Fun Facts: Jellyfish
Jellyfish are found in every ocean of the world. They are even found in some freshwater lakes and ponds.
Jellyfish range from the size of a thimble or the eraser tip of pencil to approximately 8 feet in diameter and tentacles that reach 200 feet. That is as long as two blue whales.
Each jellyfish tentacle is armed with thousands of cells called cnidoblasts. Inside the cnidoblasts are nematocysts, each of which contains a coiled stinging thread. When a fish or other object becomes tangled in the tentacles, the pressure inside the nematocysts causes the venomous threads to uncoil like a spring-loaded harpoon.
The jellyfish’s main defense mechanisms are its stings and its transparent body, which makes it easy for it to hide.
Jellyfish have a short tube that hangs down from its body. The tube acts as both its mouth and its digestive tube. In some jellyfish, the central tube is surrounded by frilly pieces that look like curly ribbons in the water. These are called oral arms or mouth arms.
Jellyfish do not have brains, hearts, ears, heads, feet, legs, or bones. Their skin is so thin that they can breathe through it.
While jellyfish do not have a brain, they have an elementary nervous system with receptors that detect light, vibrations, and chemicals in the water. These abilities, along with the sense of gravity, allow the jellyfish to orient and guide itself in the water.
Jellyfish are invertebrates, which means they are animals without a skeleton. Approximately 95% of their body is water.
Jellyfish are usually seen in shallow coastal water; however, scientists have discovered a few species that live at depths of 30,000 feet (9,000 meters). While most jellyfish prefer warm water, some live in subarctic temperatures.
The Portuguese man-of-war looks like a jellyfish, but it is not a true jellyfish. In fact, it is not even a single animal. It is a siphonophore, which is an animal made up of a colony of organisms that work together. Specifically, the man-of-war consists of four separate polyps. The top polyp is a gas-filled bladder that reminded people of the sails on a once common ship called a man-of-war.
A jellyfish tentacle can still sting even if it is separated from the jellyfish’s body.
The smallest jellyfish in the world is the creeping jellyfish. It has bell disks from 0.5 mm to a few mm in diameter. It reproduces asexually by splitting in half. Another contender for the smallest jellyfish is the extremely toxic Australian Irukandji, which is only the size of a fingernail.
The largest jellyfish in the world is the Nomura’s jellyfish. Other candidates for the largest jellyfish are the Lion’s mane jellyfish and the Stygiomedusa gigantea.
The giant jellyfish called Stygiomedusa gigantea has been seen only 17 times in the last 110 years.
Jellyfish produce both asexually and sexually. They are usually male or female, though hermaphroditic species have also been found.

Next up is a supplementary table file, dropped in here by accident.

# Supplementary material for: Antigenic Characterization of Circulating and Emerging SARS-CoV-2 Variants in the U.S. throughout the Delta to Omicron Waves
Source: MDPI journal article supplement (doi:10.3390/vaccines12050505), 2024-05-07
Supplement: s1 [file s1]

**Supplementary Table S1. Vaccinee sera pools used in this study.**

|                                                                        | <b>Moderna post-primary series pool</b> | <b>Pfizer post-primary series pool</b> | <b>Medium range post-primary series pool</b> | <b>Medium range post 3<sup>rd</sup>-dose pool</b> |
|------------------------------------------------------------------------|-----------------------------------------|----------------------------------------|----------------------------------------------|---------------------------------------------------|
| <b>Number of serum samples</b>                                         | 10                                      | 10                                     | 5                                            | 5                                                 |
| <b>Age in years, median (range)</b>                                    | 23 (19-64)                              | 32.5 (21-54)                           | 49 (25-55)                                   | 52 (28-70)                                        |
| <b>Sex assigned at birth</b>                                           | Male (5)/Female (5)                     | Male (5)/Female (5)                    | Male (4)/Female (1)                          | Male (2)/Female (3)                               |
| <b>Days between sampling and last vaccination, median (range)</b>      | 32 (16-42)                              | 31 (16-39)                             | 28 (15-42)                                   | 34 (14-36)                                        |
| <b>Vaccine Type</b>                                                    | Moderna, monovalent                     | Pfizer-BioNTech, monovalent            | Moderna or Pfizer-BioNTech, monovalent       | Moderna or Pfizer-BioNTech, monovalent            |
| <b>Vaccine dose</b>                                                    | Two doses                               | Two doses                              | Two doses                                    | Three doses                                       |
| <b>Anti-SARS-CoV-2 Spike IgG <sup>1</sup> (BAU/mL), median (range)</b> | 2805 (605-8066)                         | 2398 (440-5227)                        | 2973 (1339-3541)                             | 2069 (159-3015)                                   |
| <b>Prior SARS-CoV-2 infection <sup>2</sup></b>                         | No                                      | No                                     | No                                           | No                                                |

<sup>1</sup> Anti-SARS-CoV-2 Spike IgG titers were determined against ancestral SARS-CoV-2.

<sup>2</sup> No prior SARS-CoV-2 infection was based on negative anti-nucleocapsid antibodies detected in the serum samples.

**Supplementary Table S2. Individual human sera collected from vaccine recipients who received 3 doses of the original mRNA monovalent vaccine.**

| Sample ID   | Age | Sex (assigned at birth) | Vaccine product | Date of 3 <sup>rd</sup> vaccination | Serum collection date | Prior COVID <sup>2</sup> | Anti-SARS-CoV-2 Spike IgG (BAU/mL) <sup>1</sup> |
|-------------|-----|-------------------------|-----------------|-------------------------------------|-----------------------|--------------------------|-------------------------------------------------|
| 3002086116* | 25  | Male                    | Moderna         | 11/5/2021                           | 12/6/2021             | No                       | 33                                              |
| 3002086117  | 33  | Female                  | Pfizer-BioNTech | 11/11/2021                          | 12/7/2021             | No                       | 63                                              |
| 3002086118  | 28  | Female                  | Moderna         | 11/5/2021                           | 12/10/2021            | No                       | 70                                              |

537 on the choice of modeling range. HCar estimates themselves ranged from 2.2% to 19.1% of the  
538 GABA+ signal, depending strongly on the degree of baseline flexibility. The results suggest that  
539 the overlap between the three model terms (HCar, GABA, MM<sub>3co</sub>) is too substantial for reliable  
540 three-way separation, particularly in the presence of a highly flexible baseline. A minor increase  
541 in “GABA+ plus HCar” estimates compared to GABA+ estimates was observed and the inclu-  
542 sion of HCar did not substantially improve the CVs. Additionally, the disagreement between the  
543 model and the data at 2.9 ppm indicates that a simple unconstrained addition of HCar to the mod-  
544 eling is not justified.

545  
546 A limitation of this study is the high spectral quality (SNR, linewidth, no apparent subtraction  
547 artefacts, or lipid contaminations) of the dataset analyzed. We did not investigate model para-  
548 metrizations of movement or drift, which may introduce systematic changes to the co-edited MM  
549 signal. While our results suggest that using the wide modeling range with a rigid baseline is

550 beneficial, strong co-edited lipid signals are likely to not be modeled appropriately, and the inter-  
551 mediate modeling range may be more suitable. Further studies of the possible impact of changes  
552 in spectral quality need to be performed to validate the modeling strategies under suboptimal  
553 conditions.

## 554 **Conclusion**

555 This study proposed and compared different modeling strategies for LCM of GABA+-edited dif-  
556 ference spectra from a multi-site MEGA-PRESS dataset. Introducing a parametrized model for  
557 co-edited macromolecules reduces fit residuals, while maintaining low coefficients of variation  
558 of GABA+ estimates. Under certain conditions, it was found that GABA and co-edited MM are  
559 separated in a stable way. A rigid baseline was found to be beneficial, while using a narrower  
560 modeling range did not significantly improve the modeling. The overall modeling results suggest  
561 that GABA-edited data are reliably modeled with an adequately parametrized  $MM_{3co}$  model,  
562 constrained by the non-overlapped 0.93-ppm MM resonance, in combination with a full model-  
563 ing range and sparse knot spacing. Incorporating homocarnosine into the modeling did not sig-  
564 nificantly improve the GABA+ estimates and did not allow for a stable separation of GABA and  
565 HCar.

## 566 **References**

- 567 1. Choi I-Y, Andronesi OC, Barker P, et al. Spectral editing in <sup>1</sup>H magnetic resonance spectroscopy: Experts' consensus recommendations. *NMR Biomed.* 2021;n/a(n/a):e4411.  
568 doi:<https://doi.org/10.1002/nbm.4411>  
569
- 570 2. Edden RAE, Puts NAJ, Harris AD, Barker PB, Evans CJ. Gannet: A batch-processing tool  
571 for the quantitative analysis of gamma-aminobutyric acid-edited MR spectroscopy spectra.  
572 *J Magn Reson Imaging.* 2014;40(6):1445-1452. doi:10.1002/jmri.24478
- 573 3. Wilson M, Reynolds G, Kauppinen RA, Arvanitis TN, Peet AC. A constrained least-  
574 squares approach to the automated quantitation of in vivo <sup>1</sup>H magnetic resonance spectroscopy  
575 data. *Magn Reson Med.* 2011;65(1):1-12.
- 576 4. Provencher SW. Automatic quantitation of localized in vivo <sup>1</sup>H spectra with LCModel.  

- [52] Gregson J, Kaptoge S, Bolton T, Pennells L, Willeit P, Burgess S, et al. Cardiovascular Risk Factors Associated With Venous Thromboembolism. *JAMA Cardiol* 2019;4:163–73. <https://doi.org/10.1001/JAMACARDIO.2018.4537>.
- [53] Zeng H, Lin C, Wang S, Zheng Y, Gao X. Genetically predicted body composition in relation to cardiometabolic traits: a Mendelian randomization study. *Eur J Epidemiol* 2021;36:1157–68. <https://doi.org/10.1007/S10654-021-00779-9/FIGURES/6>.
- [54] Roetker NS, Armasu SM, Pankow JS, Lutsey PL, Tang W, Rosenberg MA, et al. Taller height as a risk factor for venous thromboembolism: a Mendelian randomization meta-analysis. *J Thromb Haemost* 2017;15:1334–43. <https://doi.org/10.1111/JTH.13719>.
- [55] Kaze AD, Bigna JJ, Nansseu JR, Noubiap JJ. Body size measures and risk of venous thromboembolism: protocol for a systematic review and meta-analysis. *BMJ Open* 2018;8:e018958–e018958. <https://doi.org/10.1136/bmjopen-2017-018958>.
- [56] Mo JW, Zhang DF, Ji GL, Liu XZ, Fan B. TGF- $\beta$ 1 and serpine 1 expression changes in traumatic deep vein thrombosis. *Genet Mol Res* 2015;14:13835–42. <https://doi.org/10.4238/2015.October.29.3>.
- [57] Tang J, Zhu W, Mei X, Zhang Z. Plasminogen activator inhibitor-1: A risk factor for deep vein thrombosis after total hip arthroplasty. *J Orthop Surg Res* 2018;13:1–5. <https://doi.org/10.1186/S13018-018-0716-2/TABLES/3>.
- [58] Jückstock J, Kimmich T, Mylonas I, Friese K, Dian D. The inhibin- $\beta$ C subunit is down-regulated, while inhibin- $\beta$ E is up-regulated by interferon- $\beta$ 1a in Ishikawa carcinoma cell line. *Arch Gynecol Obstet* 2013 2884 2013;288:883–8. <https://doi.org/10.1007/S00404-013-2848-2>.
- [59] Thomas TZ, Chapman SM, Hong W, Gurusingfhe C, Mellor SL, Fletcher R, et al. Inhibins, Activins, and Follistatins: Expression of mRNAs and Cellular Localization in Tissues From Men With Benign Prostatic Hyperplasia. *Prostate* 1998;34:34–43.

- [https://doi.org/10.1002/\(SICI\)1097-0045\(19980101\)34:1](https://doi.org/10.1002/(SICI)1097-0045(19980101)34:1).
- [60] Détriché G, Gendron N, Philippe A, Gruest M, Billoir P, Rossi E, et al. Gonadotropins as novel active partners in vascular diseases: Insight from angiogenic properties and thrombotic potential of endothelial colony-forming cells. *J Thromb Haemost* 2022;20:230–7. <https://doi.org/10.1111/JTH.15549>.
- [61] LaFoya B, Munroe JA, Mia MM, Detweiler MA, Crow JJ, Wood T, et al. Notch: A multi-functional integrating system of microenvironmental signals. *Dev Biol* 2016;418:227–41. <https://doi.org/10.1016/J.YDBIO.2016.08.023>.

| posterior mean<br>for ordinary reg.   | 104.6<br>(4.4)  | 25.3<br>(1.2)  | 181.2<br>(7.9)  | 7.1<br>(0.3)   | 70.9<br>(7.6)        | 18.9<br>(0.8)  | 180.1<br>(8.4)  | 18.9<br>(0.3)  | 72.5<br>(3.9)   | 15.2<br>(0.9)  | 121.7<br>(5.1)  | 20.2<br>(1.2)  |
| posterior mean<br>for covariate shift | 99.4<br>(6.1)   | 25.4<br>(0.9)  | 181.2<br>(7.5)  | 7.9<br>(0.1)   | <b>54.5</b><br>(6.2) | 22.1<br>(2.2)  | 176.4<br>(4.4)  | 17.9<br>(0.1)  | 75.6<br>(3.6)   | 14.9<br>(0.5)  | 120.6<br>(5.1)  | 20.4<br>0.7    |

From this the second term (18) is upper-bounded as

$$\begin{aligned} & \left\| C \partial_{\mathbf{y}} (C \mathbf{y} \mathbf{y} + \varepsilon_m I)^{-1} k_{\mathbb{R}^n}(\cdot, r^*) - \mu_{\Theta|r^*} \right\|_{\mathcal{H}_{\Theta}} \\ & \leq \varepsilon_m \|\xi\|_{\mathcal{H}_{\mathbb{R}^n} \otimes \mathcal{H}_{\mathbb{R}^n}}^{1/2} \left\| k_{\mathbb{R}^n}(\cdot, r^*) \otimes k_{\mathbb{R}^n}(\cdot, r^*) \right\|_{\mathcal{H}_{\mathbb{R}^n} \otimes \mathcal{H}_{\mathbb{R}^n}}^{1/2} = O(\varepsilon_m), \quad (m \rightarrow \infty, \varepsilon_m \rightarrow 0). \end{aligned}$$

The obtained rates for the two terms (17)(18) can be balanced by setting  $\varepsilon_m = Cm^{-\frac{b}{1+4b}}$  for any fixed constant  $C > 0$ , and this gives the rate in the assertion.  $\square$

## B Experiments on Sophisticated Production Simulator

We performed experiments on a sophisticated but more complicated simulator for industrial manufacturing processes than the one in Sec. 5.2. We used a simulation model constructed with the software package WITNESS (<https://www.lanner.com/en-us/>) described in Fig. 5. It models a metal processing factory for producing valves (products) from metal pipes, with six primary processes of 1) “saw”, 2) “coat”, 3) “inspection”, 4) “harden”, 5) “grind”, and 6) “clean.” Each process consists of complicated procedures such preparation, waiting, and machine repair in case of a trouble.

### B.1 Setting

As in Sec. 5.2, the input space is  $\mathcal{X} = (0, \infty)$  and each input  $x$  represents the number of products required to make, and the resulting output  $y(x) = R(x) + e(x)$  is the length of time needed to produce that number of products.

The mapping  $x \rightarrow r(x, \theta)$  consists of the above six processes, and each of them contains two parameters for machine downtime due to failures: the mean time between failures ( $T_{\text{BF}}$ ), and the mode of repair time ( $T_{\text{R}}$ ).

Jellyfish live from a few hours to many months. One species has been reported to live as long as 30 years. Jellyfish in aquariums typically live longer than those in the wild. Because jellyfish are so fragile, it’s easier for people to capture jellyfish in the polyp stage when they are the least vulnerable.
Most jellyfish are passive carnivores. They feed on plankton, crustaceans, other jellyfish, fish eggs, and small fish. They eat and void through the same hole in the middle of the bell.
Jellyfish have several predators, including other jellyfish, sharks, tuna, swordfish, sea turtles, and one species of Pacific salmon.
immortal jellyfish The Turritopsis nutricula jellyfish is also known as the “immortal jellyfish”
One species of jellyfish, the Turritopsis nutricula, is also known as the “immortal jellyfish” because it can transform from the mature medusa state back to the polyp state, thereby essentially avoiding death. It accomplishes this through the cell development process called transdifferentiation.
The type of jellyfish most seen on the shores of North America and Europe is the Moon jellyfish. This type of jellyfish is typically blue or pink and is found in waters approximate 20 feet (6 meters) deep. Its sting is usually mild, but can leave an itchy, red rash.
Even a dead jellyfish can sting.
Jellyfish have lived in the waters of the world for more than 650 million years, long before the dinosaurs, making them the oldest multi-organ animal.
Portuguese man-of-wars can grow to be 165 feet (50 meters) long, although 30 feet is more typical. On a baseball diamond, they would reach from home plate to first base and more than halfway to second. Man-of-wars can sometimes be seen in groups of 1,000 or more floating in warm ocean waters. To avoid threats, they can deflate their air bladder and briefly sink under the water.